Has the C++ standard committee considered templated namespace?


Keywords:c++ 


Question: 

Namespaces are in many was like classes with no constructors, no destructors, no inheritance, final, and only static methods and members. After all, this kind of classes can essentially be used only the way namespaces are used: a named scope for declarations and definitions.

... except that the above is not true, since classes can be templated - and namespaces cannot. There have been a couple of questions here on the site similar to "can I template a namespace", but what I'd like to know is - has the C++ standard committee ever considered a proposal to make namespaces templatable? If it has, was the proposal rejected? If it was, what were the reasons?


2 Answers: 

The inability to have a template namespace is actually just one way in which they differ from classes. Others would be things like new namespace, and sizeof (namespace) - how could a compiler implement that, given that a namespace may extend over many compilation units?

Looking just at template namespaces... While it can at times be hard to keep up with all the proposals for new C++ features, I don't recall ever seeing one that attempted to add a feature such as you describe.

Would it ever be considered, assuming someone were to write a proposal? As Stroustrup indicates in this interview ():

For C++ to remain viable for decades to come, it is essential that Standard C++ isn't extended to support every academic and commercial fad. Most language facilities that people ask for can be adequately addressed through libraries using only current C++ facilities.

As you indicate yourself, what you are asking for is basically already there: just use a templated class with static members. This seems to disqualify it as a potential new feature, at least in the eyes of Stroustrup.



How would ADL work if namespaces can be templated? Are we supposed to create special template deduction rules for ADL then?

More importantly, can you justify the added complexity to the language by demonstrating a use-case that can't be filled by, just make a template struct with only static members? If a template namespace is just like a gimped template struct, that doesn't seem to be very compelling.


Also. I understand you weren't satisfied with the other questions about namespace / template hybrids, but one point in this answer seems to be relevant to your question:

Why can't namespaces be template parameters?

  1. Possibly difficult: A namespace isn't a complete, self-contained entity. Different members of a namespace can be declared in different headers and even different compilation units.

If a namespace is a template, how will this even work? Can you still "reopen" the namespace like you can with a regular namespace? If that's allowed, then what is the point of instantiation of the namespace?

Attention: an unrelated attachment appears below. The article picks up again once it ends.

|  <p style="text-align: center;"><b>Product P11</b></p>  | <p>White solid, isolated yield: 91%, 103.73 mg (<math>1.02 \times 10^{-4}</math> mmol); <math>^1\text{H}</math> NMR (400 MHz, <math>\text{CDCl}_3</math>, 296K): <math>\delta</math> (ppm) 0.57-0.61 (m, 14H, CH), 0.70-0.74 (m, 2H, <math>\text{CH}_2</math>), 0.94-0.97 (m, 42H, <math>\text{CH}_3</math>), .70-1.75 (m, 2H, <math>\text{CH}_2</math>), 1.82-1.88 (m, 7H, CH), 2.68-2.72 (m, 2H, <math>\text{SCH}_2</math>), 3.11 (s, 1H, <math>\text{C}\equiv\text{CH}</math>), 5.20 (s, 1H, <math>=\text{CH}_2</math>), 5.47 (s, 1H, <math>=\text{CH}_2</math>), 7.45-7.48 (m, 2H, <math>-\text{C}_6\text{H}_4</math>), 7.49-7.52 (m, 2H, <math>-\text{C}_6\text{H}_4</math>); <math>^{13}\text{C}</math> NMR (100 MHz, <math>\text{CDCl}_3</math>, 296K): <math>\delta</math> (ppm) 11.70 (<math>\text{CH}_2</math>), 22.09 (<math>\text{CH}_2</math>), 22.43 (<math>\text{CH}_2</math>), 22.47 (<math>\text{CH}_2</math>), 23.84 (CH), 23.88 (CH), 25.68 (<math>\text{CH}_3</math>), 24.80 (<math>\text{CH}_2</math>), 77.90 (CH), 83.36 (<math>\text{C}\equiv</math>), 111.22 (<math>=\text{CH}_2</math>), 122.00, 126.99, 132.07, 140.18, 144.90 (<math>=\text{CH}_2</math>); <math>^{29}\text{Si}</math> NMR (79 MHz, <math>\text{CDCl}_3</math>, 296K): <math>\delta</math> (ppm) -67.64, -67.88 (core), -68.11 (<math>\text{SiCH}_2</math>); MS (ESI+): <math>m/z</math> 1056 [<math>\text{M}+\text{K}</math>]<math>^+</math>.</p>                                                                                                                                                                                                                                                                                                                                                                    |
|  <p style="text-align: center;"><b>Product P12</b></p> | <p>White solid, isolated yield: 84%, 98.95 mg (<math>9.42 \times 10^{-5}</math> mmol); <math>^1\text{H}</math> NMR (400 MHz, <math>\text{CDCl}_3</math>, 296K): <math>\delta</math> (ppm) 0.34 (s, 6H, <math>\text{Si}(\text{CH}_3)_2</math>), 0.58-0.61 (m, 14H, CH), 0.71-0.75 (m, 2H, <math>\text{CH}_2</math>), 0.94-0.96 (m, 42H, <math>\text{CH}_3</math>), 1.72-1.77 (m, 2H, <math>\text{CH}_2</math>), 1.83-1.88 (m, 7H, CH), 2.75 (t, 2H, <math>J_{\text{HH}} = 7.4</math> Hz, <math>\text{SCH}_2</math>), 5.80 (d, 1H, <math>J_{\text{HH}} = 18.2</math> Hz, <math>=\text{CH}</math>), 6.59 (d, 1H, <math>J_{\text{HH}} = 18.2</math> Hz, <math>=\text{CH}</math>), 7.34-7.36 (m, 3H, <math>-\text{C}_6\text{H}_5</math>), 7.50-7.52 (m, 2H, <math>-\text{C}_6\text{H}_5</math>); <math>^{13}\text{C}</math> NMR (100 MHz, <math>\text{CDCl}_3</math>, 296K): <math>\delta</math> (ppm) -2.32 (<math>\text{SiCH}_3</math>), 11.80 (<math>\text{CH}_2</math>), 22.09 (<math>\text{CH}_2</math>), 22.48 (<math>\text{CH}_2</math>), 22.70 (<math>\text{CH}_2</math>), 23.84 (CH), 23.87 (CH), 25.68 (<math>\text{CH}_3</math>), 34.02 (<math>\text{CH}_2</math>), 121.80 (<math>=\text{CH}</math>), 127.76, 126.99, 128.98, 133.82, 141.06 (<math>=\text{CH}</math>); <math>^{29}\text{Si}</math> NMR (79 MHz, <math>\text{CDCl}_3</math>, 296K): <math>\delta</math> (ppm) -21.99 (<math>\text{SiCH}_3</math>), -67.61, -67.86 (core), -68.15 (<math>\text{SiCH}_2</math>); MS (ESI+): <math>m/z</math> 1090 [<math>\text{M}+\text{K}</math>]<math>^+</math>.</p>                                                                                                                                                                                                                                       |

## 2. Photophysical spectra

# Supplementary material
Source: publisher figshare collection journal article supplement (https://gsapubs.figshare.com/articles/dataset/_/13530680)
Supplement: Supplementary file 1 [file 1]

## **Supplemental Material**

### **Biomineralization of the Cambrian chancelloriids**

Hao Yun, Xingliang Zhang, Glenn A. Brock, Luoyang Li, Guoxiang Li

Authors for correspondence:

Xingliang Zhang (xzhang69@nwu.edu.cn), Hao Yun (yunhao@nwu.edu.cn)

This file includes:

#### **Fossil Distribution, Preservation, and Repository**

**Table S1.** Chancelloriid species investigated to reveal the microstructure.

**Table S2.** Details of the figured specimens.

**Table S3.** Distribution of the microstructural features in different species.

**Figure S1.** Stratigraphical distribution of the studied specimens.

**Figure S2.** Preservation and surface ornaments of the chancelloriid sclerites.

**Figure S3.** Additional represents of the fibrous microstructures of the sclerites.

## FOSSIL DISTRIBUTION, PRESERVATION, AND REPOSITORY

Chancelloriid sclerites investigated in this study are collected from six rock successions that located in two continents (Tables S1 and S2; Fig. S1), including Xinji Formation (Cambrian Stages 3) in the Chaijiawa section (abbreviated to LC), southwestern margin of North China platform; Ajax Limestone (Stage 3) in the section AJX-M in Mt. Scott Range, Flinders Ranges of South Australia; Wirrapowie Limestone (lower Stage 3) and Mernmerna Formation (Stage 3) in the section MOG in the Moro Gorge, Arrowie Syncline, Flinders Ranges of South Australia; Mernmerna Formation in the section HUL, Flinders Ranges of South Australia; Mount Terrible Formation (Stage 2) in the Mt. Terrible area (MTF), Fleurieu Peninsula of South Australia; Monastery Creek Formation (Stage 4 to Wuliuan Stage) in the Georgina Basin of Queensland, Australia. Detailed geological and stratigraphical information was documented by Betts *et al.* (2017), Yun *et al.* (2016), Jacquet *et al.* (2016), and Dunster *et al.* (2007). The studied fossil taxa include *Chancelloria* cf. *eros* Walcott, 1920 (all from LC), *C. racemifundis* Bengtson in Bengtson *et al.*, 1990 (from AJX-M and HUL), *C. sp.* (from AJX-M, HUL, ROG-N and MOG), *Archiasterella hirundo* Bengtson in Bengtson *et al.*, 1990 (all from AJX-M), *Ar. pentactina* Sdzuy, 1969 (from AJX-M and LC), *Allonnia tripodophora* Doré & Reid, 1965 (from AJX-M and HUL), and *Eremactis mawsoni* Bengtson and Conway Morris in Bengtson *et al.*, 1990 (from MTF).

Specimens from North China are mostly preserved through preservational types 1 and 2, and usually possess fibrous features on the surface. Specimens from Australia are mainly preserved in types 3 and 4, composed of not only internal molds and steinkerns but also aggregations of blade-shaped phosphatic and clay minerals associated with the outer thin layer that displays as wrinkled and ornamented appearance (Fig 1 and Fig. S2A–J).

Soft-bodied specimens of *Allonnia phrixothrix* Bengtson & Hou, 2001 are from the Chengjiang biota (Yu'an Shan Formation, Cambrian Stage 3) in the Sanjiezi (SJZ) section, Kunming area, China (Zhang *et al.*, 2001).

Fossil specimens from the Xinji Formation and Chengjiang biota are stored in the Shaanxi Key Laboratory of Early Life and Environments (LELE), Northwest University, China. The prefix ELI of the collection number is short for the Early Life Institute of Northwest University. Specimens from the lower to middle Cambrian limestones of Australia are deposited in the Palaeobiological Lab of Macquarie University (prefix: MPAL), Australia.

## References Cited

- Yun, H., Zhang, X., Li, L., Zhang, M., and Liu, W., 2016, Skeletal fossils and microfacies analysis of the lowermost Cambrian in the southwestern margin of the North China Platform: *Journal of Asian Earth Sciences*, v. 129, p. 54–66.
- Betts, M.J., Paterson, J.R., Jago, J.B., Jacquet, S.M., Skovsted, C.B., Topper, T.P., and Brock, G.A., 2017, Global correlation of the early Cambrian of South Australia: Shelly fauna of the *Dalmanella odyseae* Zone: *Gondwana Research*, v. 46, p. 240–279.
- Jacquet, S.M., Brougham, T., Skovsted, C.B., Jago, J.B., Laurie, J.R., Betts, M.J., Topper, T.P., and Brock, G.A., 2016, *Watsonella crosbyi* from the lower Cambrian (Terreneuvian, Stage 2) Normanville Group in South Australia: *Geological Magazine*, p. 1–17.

It sounds like it could potentially be extremely complicated.


Also: Will the language still be easily parsable after your proposed feature?

One of the most vexing things in C++ is the need to write template often when defining templates that refer to other templates, in order to resolve ambiguity in the grammar regarding whether < is a less than operator or a template parameter list.

3.4.5 [basic.lookup.classref] In a class member access expression (5.2.5), if the . or -> token is immediately followed by an identifier followed by a <, the identifier must be looked up to determine whether the < is the beginning of a template argument list (14.2) or a less-than operator. The identifier is first looked up in the class of the object expression. If the identifier is not found, it is then looked up in the context of the entire postfix-expression and shall name a class template. If the lookup in the class of the object expression finds a template, the name is also looked up in the context of the entire postfix-expression and

— if the name is not found, the name found in the class of the object expression is used, otherwise

— if the name is found in the context of the entire postfix-expression and does not name a class template, the name found in the class of the object expression is used, otherwise

— if the name found is a class template, it shall refer to the same entity as the one found in the class of the object expression, otherwise the program is ill-formed.

If namespaces can be templates, don't we have to write template for them also, whenever you will refer to a template after a :: operator? For the same reason that foo::bar < 1 ... could be a namespace template bar inside of template foo with a non-type template parameter, or it could be a comparison of 1 with int foo::bar.

How do we disambiguate between that and the third possibility, foo is a namespace and bar is a regular class template inside of it`?